We can define duration in different ways. Usually we’re talking bond math. In this context, duration is the sensitivity of a bond’s price to changes in interest rates. The longer a bond’s future cash flows extend out into the future, the higher its duration. The higher the duration, the more sensitive the bond will be to changes in interest rates. The archetypical high duration asset is the zero coupon bond.
If the market regime is “lower for longer,” you have an incentive to bet on large cash flows further out into the future. Low rates and low growth mean the opportunity cost for making these bets is also low.
Duration isn’t just a bond thing. Every asset with cash flows also has duration. It’s just harder to quantify for equities and real estate because of the other variables influencing their cash flow profiles.
Your venture capital investments? They’re a duration bet.
Your small cap biotechs? They’re a duration bet.
Your cash burning large cap growth equities? They’re a duration bet.
As much as we hate to admit it, our portfolios are products of our environment. It’s what people are talking about when they say “don’t fight the market” and “don’t fight the Fed.” They might as well be saying, “don’t fight the market regime.”
As I’ve written many times before, I’m not a fan of “all-in,” “all-out” calls. That doesn’t just go for market timing. It goes for all the unintended bets that seep into our portfolios over time.
My last post was about tradeoffs we must weigh when building investment portfolios. There’s no such thing as a magical asset. Most of the time we spend looking for superweapons (Wunderwaffen) is wasted. In this post I want to riff on Wunderwaffen from another angle: our fascination with things that are exciting conceptually but prove ineffective or even dangerous in practice.
The Komet was a rocket-powered interceptor designed to combat Allied bombers over Germany. Its distinguishing feature was its incredible speed–it could climb to combat altitude in just three minutes. One test pilot hit a speed of 700 mph in 1944. This set an unofficial world record that wasn’t broken until 1947, when Chuck Yeager set another unofficial record during a secret test flight. Officially, the flight airspeed record remained below 700 mph until 1953.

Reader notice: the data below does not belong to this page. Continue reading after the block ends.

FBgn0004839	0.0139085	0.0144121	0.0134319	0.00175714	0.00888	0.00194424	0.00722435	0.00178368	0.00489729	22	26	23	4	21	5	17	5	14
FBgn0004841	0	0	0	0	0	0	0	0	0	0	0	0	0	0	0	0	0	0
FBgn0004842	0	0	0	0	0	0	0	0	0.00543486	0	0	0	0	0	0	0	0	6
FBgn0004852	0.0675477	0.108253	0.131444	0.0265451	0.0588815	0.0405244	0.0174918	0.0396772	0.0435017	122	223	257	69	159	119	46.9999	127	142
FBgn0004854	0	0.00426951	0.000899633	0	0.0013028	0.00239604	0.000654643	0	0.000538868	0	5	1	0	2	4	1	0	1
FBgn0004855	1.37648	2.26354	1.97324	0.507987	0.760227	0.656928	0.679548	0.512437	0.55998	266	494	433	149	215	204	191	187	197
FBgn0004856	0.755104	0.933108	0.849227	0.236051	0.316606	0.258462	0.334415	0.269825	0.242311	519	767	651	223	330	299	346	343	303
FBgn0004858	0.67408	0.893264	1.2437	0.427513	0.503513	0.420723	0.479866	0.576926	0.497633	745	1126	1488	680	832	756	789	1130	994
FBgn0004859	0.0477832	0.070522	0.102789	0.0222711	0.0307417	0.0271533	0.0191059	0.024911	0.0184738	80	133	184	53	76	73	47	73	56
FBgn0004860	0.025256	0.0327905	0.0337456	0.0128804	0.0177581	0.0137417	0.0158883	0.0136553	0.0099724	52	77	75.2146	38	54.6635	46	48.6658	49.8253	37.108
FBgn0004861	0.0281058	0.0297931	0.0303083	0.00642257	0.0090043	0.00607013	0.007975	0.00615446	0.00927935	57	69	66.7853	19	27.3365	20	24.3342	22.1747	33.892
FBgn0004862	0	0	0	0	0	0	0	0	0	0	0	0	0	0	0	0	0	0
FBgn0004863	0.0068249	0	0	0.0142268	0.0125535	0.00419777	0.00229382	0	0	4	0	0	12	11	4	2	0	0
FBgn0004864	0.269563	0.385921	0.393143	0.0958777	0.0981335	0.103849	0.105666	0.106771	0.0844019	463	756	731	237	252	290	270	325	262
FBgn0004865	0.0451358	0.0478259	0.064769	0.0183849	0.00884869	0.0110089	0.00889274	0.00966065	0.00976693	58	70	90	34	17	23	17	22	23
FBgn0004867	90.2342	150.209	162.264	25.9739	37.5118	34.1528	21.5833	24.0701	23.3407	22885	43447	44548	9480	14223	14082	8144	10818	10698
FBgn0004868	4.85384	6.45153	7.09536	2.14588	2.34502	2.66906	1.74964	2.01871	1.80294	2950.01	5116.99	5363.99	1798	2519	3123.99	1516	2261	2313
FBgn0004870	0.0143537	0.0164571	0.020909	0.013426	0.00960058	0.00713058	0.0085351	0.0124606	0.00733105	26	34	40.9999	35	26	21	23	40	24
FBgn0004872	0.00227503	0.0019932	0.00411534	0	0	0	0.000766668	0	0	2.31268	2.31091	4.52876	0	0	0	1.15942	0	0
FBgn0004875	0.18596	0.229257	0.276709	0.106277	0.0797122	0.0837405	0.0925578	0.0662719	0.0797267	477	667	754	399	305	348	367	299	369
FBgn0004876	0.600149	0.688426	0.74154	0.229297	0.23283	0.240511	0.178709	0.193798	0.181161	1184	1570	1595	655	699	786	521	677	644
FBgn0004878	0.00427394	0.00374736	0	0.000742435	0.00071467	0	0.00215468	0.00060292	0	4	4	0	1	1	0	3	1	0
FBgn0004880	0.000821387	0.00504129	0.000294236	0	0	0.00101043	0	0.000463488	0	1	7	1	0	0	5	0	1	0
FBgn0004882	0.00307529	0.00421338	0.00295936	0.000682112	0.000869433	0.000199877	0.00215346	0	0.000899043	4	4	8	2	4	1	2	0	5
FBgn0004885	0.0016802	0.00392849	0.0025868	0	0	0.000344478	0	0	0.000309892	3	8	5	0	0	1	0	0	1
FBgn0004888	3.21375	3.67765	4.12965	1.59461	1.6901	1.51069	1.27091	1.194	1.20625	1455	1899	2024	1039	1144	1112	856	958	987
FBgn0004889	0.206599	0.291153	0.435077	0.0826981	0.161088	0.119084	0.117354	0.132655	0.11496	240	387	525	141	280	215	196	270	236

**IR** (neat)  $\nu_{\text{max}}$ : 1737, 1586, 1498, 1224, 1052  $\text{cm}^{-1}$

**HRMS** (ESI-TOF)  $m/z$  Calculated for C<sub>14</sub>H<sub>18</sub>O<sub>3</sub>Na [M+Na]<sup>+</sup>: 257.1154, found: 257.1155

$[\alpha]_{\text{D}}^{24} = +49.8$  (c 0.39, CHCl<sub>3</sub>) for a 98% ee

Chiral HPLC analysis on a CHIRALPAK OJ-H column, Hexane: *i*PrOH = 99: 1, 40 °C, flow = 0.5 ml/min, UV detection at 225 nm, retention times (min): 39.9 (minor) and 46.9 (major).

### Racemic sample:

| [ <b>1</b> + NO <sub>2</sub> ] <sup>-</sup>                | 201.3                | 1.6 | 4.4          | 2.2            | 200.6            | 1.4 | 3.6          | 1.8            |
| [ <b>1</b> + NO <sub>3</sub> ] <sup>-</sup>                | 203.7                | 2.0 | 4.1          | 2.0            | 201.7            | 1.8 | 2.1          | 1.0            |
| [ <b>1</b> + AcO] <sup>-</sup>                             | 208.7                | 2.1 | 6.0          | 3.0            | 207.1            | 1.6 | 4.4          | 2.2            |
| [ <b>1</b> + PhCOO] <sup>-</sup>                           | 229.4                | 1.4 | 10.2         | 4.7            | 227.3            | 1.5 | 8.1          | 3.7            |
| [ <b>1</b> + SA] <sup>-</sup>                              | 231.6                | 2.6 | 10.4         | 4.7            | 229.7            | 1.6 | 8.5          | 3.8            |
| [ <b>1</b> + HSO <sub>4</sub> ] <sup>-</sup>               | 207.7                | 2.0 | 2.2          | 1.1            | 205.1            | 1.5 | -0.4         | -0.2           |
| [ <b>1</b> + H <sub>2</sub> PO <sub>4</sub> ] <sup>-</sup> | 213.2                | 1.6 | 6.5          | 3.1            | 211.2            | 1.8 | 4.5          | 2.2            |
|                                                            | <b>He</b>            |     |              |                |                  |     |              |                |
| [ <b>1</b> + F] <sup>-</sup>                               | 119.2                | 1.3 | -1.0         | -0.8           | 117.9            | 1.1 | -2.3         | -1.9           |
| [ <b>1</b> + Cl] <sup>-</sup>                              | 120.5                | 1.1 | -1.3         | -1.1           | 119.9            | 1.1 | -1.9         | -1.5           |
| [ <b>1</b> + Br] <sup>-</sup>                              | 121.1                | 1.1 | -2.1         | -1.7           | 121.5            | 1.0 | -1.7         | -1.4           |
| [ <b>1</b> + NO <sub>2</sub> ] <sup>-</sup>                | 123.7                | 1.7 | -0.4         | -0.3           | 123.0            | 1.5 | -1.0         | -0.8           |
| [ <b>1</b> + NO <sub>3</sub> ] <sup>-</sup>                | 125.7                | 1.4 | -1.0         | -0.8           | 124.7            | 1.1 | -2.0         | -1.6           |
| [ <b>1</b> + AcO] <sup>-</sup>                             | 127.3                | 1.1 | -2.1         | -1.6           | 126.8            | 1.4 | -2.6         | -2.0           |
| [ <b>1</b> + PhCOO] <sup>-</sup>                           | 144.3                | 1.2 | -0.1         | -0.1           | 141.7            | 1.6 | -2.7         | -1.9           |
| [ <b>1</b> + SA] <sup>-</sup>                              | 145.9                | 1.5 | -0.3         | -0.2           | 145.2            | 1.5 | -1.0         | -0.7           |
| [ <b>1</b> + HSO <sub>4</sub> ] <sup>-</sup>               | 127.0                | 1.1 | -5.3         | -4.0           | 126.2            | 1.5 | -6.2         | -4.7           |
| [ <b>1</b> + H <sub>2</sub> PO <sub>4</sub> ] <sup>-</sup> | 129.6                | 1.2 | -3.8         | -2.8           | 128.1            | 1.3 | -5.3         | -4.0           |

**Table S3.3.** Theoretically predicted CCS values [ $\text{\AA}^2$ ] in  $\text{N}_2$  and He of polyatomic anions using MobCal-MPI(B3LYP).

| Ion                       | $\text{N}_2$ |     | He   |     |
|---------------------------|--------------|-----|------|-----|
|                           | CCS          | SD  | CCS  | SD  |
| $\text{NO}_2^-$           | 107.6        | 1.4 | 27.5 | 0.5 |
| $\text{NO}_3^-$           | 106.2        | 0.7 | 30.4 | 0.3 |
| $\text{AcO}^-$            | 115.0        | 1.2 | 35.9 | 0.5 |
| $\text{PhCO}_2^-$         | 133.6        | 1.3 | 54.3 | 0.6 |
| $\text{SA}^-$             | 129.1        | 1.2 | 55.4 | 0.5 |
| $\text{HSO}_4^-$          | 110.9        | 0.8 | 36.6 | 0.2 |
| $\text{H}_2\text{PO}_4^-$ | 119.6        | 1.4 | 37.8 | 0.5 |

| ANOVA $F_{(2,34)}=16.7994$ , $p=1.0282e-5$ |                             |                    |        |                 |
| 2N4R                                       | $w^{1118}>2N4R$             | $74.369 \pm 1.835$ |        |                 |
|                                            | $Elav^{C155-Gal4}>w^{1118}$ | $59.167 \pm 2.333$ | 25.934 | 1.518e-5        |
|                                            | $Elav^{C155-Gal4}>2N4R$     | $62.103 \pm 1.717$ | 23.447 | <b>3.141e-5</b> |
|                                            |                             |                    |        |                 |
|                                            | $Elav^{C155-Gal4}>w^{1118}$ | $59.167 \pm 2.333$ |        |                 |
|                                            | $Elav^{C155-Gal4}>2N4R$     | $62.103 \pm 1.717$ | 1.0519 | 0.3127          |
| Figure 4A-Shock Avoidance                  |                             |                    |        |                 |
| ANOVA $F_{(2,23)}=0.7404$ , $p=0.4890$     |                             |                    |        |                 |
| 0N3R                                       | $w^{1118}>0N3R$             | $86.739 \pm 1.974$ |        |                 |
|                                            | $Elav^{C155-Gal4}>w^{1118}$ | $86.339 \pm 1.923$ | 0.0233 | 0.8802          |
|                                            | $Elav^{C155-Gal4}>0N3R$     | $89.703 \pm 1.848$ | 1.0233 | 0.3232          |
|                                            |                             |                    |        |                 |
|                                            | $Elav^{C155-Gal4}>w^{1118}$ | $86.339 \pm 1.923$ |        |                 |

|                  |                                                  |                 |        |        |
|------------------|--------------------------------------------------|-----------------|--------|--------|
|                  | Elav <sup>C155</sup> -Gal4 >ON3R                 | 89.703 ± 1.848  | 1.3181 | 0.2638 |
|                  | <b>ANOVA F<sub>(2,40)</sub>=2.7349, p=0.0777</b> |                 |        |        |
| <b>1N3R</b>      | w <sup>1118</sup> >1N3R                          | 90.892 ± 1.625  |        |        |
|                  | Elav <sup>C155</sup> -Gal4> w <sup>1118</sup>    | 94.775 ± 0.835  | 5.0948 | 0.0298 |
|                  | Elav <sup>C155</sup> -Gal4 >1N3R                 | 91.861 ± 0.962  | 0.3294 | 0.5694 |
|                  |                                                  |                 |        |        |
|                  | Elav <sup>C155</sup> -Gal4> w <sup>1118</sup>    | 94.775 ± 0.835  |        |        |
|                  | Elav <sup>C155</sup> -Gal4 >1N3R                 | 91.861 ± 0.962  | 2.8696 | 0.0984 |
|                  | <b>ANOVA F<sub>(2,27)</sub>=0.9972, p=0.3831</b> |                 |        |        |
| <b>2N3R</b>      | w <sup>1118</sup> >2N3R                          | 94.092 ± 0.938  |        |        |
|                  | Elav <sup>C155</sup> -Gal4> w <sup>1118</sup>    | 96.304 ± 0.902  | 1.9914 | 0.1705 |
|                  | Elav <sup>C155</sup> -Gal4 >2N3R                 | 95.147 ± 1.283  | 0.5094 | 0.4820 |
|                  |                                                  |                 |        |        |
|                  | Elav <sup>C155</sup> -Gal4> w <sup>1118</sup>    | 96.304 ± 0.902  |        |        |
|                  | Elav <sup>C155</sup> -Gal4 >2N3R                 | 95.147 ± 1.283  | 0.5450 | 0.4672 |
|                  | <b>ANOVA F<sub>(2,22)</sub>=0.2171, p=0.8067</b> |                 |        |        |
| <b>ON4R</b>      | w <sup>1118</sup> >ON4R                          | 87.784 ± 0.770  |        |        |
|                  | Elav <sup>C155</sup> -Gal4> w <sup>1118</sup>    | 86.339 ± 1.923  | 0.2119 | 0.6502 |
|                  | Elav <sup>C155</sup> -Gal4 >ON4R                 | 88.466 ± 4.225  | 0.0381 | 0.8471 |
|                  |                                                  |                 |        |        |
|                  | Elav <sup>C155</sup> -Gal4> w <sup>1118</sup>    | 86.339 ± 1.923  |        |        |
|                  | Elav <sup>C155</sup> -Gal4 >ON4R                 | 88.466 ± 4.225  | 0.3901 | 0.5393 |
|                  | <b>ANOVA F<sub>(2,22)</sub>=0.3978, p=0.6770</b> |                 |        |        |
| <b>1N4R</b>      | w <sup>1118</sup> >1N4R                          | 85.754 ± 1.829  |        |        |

Unfortunately, the Komet’s incredible engine power was also the source of its greatest weakness. The volatile fuel mixture that fed the engine made it the rough equivalent of a flying bomb. The wiki on the Komet provides these details:
The fuel system was particularly troublesome, as leaks incurred during hard landings easily caused fires and explosions. Metal fuel lines and fittings, which failed in unpredictable ways, were used as this was the best technology available. Both fuel and oxidizer were toxic and required extreme care when loading in the aircraft, yet there were occasions when Komets exploded on the tarmac from the propellants’ hypergolic nature. […]
The corrosive nature of the liquids, especially for the T-Stoff oxidizer, required special protective gear for the pilots. To help prevent explosions, the engine and the propellant storage and delivery systems were frequently and thoroughly hosed down and flushed with water run through the propellant tanks and the rocket engine’s propellant systems before and after flights, to clean out any remnants. The relative “closeness” to the pilot of some 120 litres (31.7 US gal) of the chemically active T-Stoff oxidizer, split between two auxiliary oxidizer tanks of equal volume to either side within the lower flanks of the cockpit area—besides the main oxidizer tank of some 1,040 litre (275 US gal) volume just behind the cockpit’s rear wall, could present a serious or even fatal hazard to a pilot in a fuel-caused mishap.